A former Sanofi executive who cooperated with prosecutors was sentenced to 16 months in prison by a judge who called him a leader of an insider-trading ring that made $1.4 million in profit off pharmaceutical and medical-technology company tips.
Mark Cupo, 53, was sentenced yesterday in federal court in Newark, New Jersey, to a longer term than the two men he helped convict. Cupo pleaded guilty Oct. 7 after making secret recordings for authorities of the two primary traders in the ring, Lawrence Grum, 50, who was sentenced April 9 to a year and a day in prison, and Michael Castelli, 50, who got nine months.
Cupo, who faced from 46 to 57 months in prison, asked for probation, citing his help to authorities in unraveling a five-year scheme that relied on tips from executives at Celgene Corp., Sanofi and Stryker Corp. The judge said Cupo and a former Celgene executive who pleaded guilty, John Lazorchak, were the primary architects of the scheme. Lazorchak will be sentenced April 22.
“To have deterrence in a situation like this, I believe a prison sentence is required,” U.S. District Judge Katharine Hayden said at the sentencing. “Mr. Cupo and Mr. Lazorchak are the most culpable because they dreamed up the scheme. Both were involved in the decision to include outside people.”
Lazorchak, a former Celgene director of financial reporting, passed inside information from his company to Cupo, who gave it to Grum and Castelli, prosecutors said.
Lazorchak also got tips from Mark Foldy, 44, a former Stryker executive who was sentenced yesterday to six months’ home confinement. Foldy, who also cooperated, faced 30 to 37 months in prison.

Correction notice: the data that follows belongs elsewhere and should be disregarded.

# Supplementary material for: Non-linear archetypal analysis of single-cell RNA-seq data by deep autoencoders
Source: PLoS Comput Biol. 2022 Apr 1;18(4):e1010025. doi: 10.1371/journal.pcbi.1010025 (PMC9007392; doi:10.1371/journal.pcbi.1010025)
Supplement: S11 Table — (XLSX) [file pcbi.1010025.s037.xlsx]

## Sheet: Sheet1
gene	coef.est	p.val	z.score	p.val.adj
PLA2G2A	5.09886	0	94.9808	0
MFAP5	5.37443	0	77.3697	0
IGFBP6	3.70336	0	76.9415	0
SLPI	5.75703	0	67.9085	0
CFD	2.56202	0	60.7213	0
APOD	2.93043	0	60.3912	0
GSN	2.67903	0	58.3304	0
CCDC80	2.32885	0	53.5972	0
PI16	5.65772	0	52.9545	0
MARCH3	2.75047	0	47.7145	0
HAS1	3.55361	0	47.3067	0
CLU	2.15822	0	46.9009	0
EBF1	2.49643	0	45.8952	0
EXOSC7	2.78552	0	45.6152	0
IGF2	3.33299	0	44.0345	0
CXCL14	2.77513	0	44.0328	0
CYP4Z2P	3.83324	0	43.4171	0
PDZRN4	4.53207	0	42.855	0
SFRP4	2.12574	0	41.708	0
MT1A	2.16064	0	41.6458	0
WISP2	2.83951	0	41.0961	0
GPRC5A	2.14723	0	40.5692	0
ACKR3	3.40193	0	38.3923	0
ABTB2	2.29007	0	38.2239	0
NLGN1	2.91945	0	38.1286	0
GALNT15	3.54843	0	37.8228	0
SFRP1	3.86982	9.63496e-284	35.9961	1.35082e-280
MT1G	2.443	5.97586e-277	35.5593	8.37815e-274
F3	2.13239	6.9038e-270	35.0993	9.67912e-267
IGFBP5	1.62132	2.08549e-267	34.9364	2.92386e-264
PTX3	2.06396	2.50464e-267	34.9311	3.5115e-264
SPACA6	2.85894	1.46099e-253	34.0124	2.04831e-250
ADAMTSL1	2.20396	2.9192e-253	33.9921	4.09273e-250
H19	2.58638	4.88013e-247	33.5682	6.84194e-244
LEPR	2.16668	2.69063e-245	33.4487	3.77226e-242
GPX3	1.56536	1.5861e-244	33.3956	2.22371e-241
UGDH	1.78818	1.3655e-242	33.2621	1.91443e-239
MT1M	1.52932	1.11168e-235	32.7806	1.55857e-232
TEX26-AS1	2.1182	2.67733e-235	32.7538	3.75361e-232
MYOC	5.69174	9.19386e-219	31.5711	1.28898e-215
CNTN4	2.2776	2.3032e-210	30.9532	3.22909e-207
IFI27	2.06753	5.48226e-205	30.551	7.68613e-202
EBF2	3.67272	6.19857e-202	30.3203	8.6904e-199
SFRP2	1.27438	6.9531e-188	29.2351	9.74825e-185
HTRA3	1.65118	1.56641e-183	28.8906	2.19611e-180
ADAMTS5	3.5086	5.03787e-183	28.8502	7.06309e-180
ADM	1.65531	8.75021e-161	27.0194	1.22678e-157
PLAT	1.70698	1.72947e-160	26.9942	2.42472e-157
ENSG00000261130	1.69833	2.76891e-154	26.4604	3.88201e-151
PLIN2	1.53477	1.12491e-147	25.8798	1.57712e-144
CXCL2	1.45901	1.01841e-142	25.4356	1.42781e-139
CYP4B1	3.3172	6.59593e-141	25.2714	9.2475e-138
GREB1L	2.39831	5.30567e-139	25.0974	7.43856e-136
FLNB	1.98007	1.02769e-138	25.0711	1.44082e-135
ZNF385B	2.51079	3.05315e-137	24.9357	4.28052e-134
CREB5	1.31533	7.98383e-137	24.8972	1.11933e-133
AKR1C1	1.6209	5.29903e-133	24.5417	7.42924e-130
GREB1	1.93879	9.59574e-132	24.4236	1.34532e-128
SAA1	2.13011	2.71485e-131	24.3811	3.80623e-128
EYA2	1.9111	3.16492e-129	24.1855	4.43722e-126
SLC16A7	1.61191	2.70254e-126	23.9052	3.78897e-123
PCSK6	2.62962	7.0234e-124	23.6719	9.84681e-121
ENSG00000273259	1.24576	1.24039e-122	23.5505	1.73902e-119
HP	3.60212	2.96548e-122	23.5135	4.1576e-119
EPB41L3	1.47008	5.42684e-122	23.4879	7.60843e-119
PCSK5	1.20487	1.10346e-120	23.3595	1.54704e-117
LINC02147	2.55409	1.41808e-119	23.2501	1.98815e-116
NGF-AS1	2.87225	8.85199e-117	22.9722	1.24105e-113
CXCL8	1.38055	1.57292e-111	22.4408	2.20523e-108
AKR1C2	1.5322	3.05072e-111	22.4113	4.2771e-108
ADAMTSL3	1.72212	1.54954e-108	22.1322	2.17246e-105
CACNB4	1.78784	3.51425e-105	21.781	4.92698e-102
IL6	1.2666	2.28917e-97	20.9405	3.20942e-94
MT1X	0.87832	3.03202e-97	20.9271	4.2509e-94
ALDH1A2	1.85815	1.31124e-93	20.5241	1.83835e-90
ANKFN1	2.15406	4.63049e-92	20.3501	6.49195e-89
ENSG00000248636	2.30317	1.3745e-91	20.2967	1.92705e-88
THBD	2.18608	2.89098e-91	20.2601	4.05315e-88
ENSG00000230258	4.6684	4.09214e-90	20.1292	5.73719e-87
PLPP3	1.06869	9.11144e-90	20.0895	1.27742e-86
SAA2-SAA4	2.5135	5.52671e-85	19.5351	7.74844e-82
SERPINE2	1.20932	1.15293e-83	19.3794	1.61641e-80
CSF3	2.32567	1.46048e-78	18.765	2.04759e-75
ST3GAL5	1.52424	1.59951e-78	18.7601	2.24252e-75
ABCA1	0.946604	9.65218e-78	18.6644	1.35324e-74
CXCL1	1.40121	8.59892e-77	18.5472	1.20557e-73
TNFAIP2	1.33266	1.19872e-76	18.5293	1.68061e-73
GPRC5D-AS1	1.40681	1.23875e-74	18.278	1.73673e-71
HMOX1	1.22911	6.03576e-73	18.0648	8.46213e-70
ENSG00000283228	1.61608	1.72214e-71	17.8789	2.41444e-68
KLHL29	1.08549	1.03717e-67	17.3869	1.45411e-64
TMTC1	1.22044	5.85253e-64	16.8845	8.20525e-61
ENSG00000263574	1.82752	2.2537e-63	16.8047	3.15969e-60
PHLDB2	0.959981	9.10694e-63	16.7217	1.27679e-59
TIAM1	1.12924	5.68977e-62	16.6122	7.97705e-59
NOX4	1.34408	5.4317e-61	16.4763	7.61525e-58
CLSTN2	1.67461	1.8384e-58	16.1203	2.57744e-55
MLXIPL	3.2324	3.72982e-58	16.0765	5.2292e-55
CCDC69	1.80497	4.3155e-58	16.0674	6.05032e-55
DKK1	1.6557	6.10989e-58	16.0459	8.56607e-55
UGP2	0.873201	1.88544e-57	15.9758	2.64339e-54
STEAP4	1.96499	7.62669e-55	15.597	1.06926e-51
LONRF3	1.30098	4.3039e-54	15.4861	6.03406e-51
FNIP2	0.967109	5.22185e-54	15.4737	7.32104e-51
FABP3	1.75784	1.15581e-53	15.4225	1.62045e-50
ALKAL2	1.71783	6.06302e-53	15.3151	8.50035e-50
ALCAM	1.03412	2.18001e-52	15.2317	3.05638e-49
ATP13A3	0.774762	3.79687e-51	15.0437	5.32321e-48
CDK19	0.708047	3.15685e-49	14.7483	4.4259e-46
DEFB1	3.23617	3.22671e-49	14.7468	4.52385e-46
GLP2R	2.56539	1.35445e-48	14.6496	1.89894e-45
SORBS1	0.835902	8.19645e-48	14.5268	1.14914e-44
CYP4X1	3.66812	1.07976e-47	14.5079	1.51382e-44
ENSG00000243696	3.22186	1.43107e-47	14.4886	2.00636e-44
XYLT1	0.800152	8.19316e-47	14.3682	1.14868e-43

The ring, which operated from 2007 to 2012, involved two sets of high school friends and Cupo making secret recordings for the Federal Bureau of Investigation, authorities said.
The tips involved Celgene’s announcement in November 2007 that it was buying Pharmion Corp. for $2.9 billion, Sanofi’s announcement in March 2010 that it was buying Chattem Inc. for $1.9 billion, Celgene’s news in June 2010 that it was buying Abraxis BioScience Inc. for $2.9 billion and Stryker’s announcement in May 2011 of plans to buy Orthovita Inc. for $316 million, according to the U.S. Securities and Exchange Commission, which sued the men.
The tips also involved six quarterly earnings reports by Celgene and the company’s announcement in June that it was withdrawing an application in Europe for expanded use of its blood cancer drug Revlimid, according to the government.
Cupo made more than $50,000 in cash through the scheme, Assistant U.S. Attorney Shirley Emehelu said.
“I take full responsibility for all my actions,” Cupo told the judge. “I made a series of bad judgments and poor choices. I’ve jeopardized my whole family’s stability, which was poor judgment on my part.”
Cupo is likely to lose his certified public accountant’s license and will be barred by the SEC from working at a public company, according to his attorney, Joseph J. Bell. Cupo also will settle the SEC’s claims against him, according to Bell.
Foldy, a high school classmate of Lazorchak, was involved in two insider trades. He told Lazorchak of Stryker’s plans to buy Orthovita, and Lazorchak told him about Celgene’s planned acquisition of Pharmion, authorities said. Foldy, a graduate of the U.S. Naval Academy, passed inside information to a family member and a friend.
The judge said that while his conduct was “immensely stupid and painful in its consequences,” it was also “relatively isolated.”
She imposed a two-year probationary term, including the home confinement with electronic monitoring.
“Probably not an hour goes by that I don’t regret what I did,” Foldy told the judge. “Stryker didn’t deserve it. My family didn’t deserve it. It was wrong and I know it.”
The cases are U.S. v. Grum, 13-cr-00737, U.S. v. Castelli, U.S. v. Lazorchak, 13-cr-00656, U.S. v. Pendolino, 13-cr-00657, U.S. v. Cupo, 13-cr-00658, and U.S. v. Foldy, 13-cr-00659, U.S. District Court, District of New Jersey (Newark).